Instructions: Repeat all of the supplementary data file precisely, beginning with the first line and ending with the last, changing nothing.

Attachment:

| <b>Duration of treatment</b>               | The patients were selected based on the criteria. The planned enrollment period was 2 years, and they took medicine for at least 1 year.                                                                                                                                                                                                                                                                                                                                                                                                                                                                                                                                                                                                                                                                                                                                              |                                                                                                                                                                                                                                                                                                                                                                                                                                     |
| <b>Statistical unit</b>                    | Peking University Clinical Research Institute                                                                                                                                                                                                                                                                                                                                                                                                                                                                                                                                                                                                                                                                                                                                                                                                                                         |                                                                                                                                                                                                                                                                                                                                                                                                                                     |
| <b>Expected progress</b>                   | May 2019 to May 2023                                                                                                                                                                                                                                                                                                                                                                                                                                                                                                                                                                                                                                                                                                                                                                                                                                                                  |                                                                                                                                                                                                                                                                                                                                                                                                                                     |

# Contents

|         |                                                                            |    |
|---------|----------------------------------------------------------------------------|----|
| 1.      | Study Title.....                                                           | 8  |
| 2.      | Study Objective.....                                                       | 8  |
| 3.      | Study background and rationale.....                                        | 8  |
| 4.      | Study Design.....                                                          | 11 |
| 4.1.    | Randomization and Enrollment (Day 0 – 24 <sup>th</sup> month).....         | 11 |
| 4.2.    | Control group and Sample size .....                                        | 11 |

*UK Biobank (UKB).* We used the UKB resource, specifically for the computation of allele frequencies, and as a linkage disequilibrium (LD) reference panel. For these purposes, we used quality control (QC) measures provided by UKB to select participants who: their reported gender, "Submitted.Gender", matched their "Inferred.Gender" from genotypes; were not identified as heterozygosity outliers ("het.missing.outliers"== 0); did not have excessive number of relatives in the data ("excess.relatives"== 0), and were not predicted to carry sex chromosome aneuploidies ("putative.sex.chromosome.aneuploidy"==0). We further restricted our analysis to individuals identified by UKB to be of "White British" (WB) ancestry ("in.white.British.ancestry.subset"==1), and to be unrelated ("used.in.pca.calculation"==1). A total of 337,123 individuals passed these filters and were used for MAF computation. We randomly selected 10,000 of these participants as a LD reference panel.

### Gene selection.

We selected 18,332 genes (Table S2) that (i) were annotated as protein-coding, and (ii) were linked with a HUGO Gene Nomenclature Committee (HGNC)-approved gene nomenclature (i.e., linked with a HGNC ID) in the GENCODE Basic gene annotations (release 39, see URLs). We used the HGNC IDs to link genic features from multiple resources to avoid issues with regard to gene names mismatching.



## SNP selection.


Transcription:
| <b>Duration of treatment</b>               | The patients were selected based on the criteria. The planned enrollment period was 2 years, and they took medicine for at least 1 year.                                                                                                                                                                                                                                                                                                                                                                                                                                                                                                                                                                                                                                                                                                                                              |                                                                                                                                                                                                                                                                                                                                                                                                                                     |
| <b>Statistical unit</b>                    | Peking University Clinical Research Institute                                                                                                                                                                                                                                                                                                                                                                                                                                                                                                                                                                                                                                                                                                                                                                                                                                         |                                                                                                                                                                                                                                                                                                                                                                                                                                     |
| <b>Expected progress</b>                   | May 2019 to May 2023                                                                                                                                                                                                                                                                                                                                                                                                                                                                                                                                                                                                                                                                                                                                                                                                                                                                  |                                                                                                                                                                                                                                                                                                                                                                                                                                     |

# Contents

|         |                                                                            |    |
|---------|----------------------------------------------------------------------------|----|
| 1.      | Study Title.....                                                           | 8  |
| 2.      | Study Objective.....                                                       | 8  |
| 3.      | Study background and rationale.....                                        | 8  |
| 4.      | Study Design.....                                                          | 11 |
| 4.1.    | Randomization and Enrollment (Day 0 – 24 <sup>th</sup> month).....         | 11 |
| 4.2.    | Control group and Sample size .....                                        | 11 |

*UK Biobank (UKB).* We used the UKB resource, specifically for the computation of allele frequencies, and as a linkage disequilibrium (LD) reference panel. For these purposes, we used quality control (QC) measures provided by UKB to select participants who: their reported gender, "Submitted.Gender", matched their "Inferred.Gender" from genotypes; were not identified as heterozygosity outliers ("het.missing.outliers"== 0); did not have excessive number of relatives in the data ("excess.relatives"== 0), and were not predicted to carry sex chromosome aneuploidies ("putative.sex.chromosome.aneuploidy"==0). We further restricted our analysis to individuals identified by UKB to be of "White British" (WB) ancestry ("in.white.British.ancestry.subset"==1), and to be unrelated ("used.in.pca.calculation"==1). A total of 337,123 individuals passed these filters and were used for MAF computation. We randomly selected 10,000 of these participants as a LD reference panel.

### Gene selection.

We selected 18,332 genes (Table S2) that (i) were annotated as protein-coding, and (ii) were linked with a HUGO Gene Nomenclature Committee (HGNC)-approved gene nomenclature (i.e., linked with a HGNC ID) in the GENCODE Basic gene annotations (release 39, see URLs). We used the HGNC IDs to link genic features from multiple resources to avoid issues with regard to gene names mismatching.



## SNP selection.